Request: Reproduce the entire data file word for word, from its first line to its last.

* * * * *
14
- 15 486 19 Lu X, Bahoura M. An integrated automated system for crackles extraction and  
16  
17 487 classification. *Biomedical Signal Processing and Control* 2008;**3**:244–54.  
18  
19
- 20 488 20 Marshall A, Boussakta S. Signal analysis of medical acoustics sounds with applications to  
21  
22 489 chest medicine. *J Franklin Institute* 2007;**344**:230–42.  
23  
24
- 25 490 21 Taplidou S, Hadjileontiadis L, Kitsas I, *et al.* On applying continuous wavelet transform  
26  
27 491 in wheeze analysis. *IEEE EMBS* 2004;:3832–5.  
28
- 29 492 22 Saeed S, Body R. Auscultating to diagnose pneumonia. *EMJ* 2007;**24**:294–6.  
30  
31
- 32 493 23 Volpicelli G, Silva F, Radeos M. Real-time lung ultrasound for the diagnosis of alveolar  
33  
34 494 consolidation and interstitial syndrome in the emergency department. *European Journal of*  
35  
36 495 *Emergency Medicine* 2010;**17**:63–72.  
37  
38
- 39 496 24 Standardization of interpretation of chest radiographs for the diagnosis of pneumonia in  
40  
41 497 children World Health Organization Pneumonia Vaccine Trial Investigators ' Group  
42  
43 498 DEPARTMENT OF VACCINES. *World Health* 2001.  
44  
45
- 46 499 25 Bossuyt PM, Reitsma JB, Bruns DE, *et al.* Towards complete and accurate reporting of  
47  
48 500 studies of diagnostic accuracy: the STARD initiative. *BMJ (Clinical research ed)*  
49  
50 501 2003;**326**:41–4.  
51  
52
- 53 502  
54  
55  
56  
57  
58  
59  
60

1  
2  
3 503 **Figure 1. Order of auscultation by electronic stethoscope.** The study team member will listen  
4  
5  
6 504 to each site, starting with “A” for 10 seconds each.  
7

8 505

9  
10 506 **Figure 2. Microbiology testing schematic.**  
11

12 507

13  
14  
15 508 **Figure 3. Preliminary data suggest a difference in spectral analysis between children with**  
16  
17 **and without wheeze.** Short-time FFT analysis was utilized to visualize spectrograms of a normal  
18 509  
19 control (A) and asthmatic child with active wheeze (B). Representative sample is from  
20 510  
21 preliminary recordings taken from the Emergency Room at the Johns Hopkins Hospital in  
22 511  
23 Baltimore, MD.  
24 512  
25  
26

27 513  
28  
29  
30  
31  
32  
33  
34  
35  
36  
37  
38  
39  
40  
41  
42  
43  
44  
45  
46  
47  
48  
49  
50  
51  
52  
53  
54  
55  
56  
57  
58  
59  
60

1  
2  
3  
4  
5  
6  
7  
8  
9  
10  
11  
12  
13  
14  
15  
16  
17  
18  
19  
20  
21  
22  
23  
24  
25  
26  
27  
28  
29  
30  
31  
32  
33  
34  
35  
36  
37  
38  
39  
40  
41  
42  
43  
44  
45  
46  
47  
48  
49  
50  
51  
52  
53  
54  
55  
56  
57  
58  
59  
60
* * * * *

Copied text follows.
14
- 15 486 19 Lu X, Bahoura M. An integrated automated system for crackles extraction and  
16  
17 487 classification. *Biomedical Signal Processing and Control* 2008;**3**:244–54.  
18  
19
- 20 488 20 Marshall A, Boussakta S. Signal analysis of medical acoustics sounds with applications to  
21  
22 489 chest medicine. *J Franklin Institute* 2007;**344**:230–42.  
23  
24
- 25 490 21 Taplidou S, Hadjileontiadis L, Kitsas I, *et al.* On applying continuous wavelet transform  
26  
27 491 in wheeze analysis. *IEEE EMBS* 2004;:3832–5.  
28
- 29 492 22 Saeed S, Body R. Auscultating to diagnose pneumonia. *EMJ* 2007;**24**:294–6.  
30  
31
- 32 493 23 Volpicelli G, Silva F, Radeos M. Real-time lung ultrasound for the diagnosis of alveolar  
33  
34 494 consolidation and interstitial syndrome in the emergency department. *European Journal of*  
35  
36 495 *Emergency Medicine* 2010;**17**:63–72.  
37  
38
- 39 496 24 Standardization of interpretation of chest radiographs for the diagnosis of pneumonia in  
40  
41 497 children World Health Organization Pneumonia Vaccine Trial Investigators ' Group  
42  
43 498 DEPARTMENT OF VACCINES. *World Health* 2001.  
44  
45
- 46 499 25 Bossuyt PM, Reitsma JB, Bruns DE, *et al.* Towards complete and accurate reporting of  
47  
48 500 studies of diagnostic accuracy: the STARD initiative. *BMJ (Clinical research ed)*  
49  
50 501 2003;**326**:41–4.  
51  
52
- 53 502  
54  
55  
56  
57  
58  
59  
60

1  
2  
3 503 **Figure 1. Order of auscultation by electronic stethoscope.** The study team member will listen  
4  
5  
6 504 to each site, starting with “A” for 10 seconds each.  
7

8 505

9  
10 506 **Figure 2. Microbiology testing schematic.**  
11

12 507

13  
14  
15 508 **Figure 3. Preliminary data suggest a difference in spectral analysis between children with**  
16  
17 **and without wheeze.** Short-time FFT analysis was utilized to visualize spectrograms of a normal  
18 509  
19 control (A) and asthmatic child with active wheeze (B). Representative sample is from  
20 510  
21 preliminary recordings taken from the Emergency Room at the Johns Hopkins Hospital in  
22 511  
23 Baltimore, MD.  
24 512  
25  
26

27 513  
28  
29  
30  
31  
32  
33  
34  
35  
36  
37  
38  
39  
40  
41  
42  
43  
44  
45  
46  
47  
48  
49  
50  
51  
52  
53  
54  
55  
56  
57  
58  
59  
60

1  
2  
3  
4  
5  
6  
7  
8  
9  
10  
11  
12  
13  
14  
15  
16  
17  
18  
19  
20  
21  
22  
23  
24  
25  
26  
27  
28  
29  
30  
31  
32  
33  
34  
35  
36  
37  
38  
39  
40  
41  
42  
43  
44  
45  
46  
47  
48  
49  
50  
51  
52  
53  
54  
55  
56  
57  
58  
59  
60